Pharmacopsychiatry
DOI: 10.1055/s-0043-118103
Editorial
© Georg Thieme Verlag KG Stuttgart · New York

Editorial to Consensus Guidelines for Therapeutic Drug Monitoring in Neuropsychopharmacology

Gerhard Gründer1
  • 1Uniklinik RWTH Aachen, Department of Psychiatry, Psychotherapy and Psychosomatics, Aachen, Germany
Further Information

Correspondence

Prof. Gerhard Gründer, MD
Uniklinik RWTH Aachen
Department of Psychiatry,
Psychotherapy and Psychosomatics
Pauwelsstr. 30
52074 Aachen
Germany   

Publication History

received 31 July 2017
revised 02 August 2017

accepted 04 August 2017

Publication Date:
19 September 2017 (eFirst)

 


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This issue of Pharmacopsychiatry contains only one major paper, the Consensus Guidelines for Therapeutic Drug Monitoring in Neuropsychopharmacology: Update 2017 by Hiemke et al. [1] and an accompanying invited commentary by de Leon [2]. The consensus guidelines are published by the task force “Therapeutic Drug Monitoring” (TDM) of the Arbeitsgemeinschaft für Neuropsychopharmakologie und Pharmakopsychiatrie” (AGNP), of which Pharmacopsychiatry is the official organ. The first consensus guidelines for TDM were published in 2004, led by the task force’s first chairman Pierre Baumann [3]. Christoph Hiemke followed Pierre Baumann as the chairman of the task force, and he was also the lead author of the first update of the consensus guidelines published in 2011 [4]. According to the Web of Science (ISI Web of Knowledge), as of July 30th, 2017, the first consensus was cited 311 times, and the 2011 update 387 times. Thus, the consensus guidelines represent highly influential papers in the field of psychopharmacology, and the new update due to its encyclopaedic nature will most likely even top its predecessors.

Interestingly, while “individualization” or “personalization” of treatment is a top priority on the research agenda of most psychiatric scientific societies, TDM is indeed the only clinically proven approach for personalized treatment in psychiatry. This is in sharp contrast to the fact that – although cheap and widely available – TDM is not systematically established in routine patient care. While the translation of a tremendous amount of knowledge about the biological bases of mental disorders, which has been accumulated over the last half century, into clinical practice is at best insufficient, and with industry research in psychopharmacology that has focused on the development of new compounds being more or less unsuccessful, huge numbers of patients would benefit from improvement of treatment with the drugs that are already available. TDM and pharmacogenetics, the latter being tightly linked to the former, because drug plasma levels are strongly determined by genotypes of drug metabolizing enzymes, represent tools that substantially increase the safety of treatment with psychotropic drugs and that enhance treatment response. While several influential commissions and consortia such as the “Clinical Pharmacogenetics Implementation Consortium (CPIC)” [5] and the German “Commission on Genetic Testing (GEKO)” [6] recently published recommendations on how to integrate and implement pharmacogenetics and dosing recommendations based on CYP2D6 and/or CYP2C19 genotype into clinical routine towards personalized medicine, such guidelines are mostly ignored by clinicians and are far from application to routine patient management. Jose de Leon in his commentary on the new consensus guidelines [2, in this issue] points out that TDM has been widely neglected by US psychiatry, because it has speculated for decades on the pharmacodynamics of psychotropic drugs – which is still mostly unknown – and ignored the hard science of pharmacokinetics. The major influence of US on European psychiatry might have substantially influenced the reception of TDM in Europe and elsewhere in the world. I strongly agree with de Leon that it is now the challenging task for the AGNP task force TDM to make the huge amount of knowledge, which has been put together in the new consensus guidelines, digestible for clinicians, and to teach them the science of TDM, pharmacokinetics and pharmacogenetics.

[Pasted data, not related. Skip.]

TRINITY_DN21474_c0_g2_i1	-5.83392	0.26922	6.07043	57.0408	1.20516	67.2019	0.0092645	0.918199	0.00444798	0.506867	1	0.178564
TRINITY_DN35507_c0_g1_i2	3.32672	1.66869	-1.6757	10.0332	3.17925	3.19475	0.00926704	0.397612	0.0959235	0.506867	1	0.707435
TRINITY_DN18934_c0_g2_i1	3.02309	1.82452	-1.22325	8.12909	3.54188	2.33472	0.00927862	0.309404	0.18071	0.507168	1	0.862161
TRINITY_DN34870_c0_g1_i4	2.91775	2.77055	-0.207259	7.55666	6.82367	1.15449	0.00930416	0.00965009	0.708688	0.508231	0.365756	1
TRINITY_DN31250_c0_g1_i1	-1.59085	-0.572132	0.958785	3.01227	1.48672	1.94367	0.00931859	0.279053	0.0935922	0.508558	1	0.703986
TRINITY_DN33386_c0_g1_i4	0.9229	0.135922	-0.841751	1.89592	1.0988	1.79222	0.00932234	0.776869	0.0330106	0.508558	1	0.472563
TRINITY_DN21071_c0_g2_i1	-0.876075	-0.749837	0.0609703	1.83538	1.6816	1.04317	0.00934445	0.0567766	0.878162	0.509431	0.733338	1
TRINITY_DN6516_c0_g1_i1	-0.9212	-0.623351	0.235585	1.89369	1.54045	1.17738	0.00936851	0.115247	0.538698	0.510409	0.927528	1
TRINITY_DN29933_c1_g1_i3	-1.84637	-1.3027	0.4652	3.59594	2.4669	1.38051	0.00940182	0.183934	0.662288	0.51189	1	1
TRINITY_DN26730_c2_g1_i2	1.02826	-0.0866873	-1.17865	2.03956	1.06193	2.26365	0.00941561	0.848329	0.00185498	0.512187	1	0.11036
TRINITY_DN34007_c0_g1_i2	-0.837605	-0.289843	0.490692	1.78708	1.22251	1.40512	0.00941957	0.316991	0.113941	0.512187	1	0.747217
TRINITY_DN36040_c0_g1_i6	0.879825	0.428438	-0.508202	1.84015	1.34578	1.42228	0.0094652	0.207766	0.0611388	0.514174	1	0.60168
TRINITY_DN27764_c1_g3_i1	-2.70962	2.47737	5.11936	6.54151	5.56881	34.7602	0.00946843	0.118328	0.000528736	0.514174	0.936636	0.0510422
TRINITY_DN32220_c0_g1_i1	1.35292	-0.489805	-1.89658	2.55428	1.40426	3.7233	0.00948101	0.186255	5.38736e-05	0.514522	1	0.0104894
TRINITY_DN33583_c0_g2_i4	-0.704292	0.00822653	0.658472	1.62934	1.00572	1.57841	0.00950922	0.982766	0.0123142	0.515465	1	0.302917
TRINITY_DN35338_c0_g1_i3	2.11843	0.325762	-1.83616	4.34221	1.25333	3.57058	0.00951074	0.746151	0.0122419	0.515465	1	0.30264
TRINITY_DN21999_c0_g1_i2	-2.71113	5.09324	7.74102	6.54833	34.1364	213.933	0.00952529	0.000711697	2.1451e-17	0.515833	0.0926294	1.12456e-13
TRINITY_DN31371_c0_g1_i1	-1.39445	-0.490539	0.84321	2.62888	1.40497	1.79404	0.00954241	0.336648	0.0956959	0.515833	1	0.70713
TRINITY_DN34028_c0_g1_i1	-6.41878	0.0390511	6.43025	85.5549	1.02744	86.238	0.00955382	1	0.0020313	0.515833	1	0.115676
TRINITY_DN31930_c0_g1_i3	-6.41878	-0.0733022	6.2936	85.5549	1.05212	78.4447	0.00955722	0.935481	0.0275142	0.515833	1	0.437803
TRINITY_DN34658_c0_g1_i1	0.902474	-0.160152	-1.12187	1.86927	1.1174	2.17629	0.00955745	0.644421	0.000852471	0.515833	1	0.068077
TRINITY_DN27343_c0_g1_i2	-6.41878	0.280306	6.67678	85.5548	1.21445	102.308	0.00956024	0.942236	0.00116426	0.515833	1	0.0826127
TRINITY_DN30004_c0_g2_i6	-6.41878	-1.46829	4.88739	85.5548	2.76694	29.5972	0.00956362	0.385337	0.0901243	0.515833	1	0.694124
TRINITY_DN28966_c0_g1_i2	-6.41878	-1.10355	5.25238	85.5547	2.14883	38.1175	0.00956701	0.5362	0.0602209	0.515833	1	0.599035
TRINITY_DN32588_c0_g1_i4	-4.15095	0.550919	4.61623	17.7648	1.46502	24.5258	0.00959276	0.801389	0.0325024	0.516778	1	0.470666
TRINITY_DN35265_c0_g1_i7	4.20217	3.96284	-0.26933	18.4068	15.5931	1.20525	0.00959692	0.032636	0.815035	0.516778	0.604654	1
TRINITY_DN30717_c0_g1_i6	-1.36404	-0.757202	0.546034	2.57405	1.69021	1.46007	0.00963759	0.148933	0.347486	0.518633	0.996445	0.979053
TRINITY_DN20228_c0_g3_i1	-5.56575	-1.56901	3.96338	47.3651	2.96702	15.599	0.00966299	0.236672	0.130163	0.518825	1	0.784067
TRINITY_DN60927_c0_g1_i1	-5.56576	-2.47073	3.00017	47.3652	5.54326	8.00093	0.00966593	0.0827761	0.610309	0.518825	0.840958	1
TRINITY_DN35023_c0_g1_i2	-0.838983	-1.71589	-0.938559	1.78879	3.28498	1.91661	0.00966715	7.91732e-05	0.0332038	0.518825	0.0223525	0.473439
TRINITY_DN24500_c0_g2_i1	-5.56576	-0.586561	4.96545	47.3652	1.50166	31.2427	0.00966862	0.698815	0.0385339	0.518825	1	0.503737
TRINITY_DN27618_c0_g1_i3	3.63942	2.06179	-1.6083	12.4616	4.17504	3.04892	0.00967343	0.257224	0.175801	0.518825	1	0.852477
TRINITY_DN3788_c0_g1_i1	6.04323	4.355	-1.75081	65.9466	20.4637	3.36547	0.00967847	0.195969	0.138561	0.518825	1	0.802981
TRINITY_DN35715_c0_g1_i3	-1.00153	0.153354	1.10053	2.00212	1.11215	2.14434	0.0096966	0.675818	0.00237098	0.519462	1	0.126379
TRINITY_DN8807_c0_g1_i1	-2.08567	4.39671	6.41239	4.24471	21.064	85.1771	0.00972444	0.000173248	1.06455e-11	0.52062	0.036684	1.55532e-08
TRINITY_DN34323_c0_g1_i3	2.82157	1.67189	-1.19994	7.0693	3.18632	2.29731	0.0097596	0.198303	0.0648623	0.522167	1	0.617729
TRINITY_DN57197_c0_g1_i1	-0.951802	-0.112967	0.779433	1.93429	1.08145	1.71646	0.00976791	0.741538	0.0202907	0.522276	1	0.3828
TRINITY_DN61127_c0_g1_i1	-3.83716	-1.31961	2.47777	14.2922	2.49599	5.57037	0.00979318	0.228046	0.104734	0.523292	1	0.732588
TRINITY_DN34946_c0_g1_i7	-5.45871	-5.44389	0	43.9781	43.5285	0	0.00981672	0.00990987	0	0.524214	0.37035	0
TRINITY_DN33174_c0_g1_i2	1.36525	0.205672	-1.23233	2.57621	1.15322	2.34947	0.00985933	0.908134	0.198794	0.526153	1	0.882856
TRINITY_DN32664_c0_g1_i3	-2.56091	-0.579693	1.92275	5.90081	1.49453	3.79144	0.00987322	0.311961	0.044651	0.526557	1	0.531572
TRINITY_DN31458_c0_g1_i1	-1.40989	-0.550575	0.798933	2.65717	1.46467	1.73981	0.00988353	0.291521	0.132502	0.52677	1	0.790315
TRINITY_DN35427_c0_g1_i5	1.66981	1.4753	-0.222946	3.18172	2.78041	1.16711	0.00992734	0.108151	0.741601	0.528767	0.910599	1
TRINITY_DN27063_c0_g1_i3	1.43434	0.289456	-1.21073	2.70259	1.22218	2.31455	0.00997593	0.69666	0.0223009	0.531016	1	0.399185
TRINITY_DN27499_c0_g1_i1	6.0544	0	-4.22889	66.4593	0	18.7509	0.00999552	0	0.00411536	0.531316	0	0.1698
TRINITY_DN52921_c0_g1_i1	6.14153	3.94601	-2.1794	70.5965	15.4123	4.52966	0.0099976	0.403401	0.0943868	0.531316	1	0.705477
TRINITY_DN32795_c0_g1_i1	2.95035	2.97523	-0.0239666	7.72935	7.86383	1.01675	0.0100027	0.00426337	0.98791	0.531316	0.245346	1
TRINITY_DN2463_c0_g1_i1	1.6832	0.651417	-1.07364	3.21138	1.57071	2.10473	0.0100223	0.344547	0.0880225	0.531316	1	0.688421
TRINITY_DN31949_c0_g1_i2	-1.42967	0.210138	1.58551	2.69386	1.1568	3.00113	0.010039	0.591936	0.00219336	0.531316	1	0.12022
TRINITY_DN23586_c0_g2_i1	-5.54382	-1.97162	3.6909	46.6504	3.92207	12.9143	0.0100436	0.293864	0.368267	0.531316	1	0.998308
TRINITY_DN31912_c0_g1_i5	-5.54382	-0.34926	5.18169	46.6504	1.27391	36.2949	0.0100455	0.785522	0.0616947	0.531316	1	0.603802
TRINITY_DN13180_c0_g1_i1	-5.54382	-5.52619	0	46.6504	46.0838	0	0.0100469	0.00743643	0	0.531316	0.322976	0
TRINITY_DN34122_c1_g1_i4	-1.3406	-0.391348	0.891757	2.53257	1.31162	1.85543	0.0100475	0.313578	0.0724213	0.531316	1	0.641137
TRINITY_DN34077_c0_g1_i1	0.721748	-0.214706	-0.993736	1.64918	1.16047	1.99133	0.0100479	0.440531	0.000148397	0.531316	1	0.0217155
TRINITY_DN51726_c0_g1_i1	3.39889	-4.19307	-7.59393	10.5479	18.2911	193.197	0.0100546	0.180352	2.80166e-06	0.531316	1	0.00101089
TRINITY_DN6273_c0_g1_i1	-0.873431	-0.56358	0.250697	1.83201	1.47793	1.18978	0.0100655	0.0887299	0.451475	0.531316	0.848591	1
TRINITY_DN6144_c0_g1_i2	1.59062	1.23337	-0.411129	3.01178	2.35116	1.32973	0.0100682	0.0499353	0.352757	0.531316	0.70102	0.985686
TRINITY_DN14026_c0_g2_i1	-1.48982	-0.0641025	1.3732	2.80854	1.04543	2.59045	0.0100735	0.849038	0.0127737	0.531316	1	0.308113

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Correspondence

Prof. Gerhard Gründer, MD
Uniklinik RWTH Aachen
Department of Psychiatry,
Psychotherapy and Psychosomatics
Pauwelsstr. 30
52074 Aachen
Germany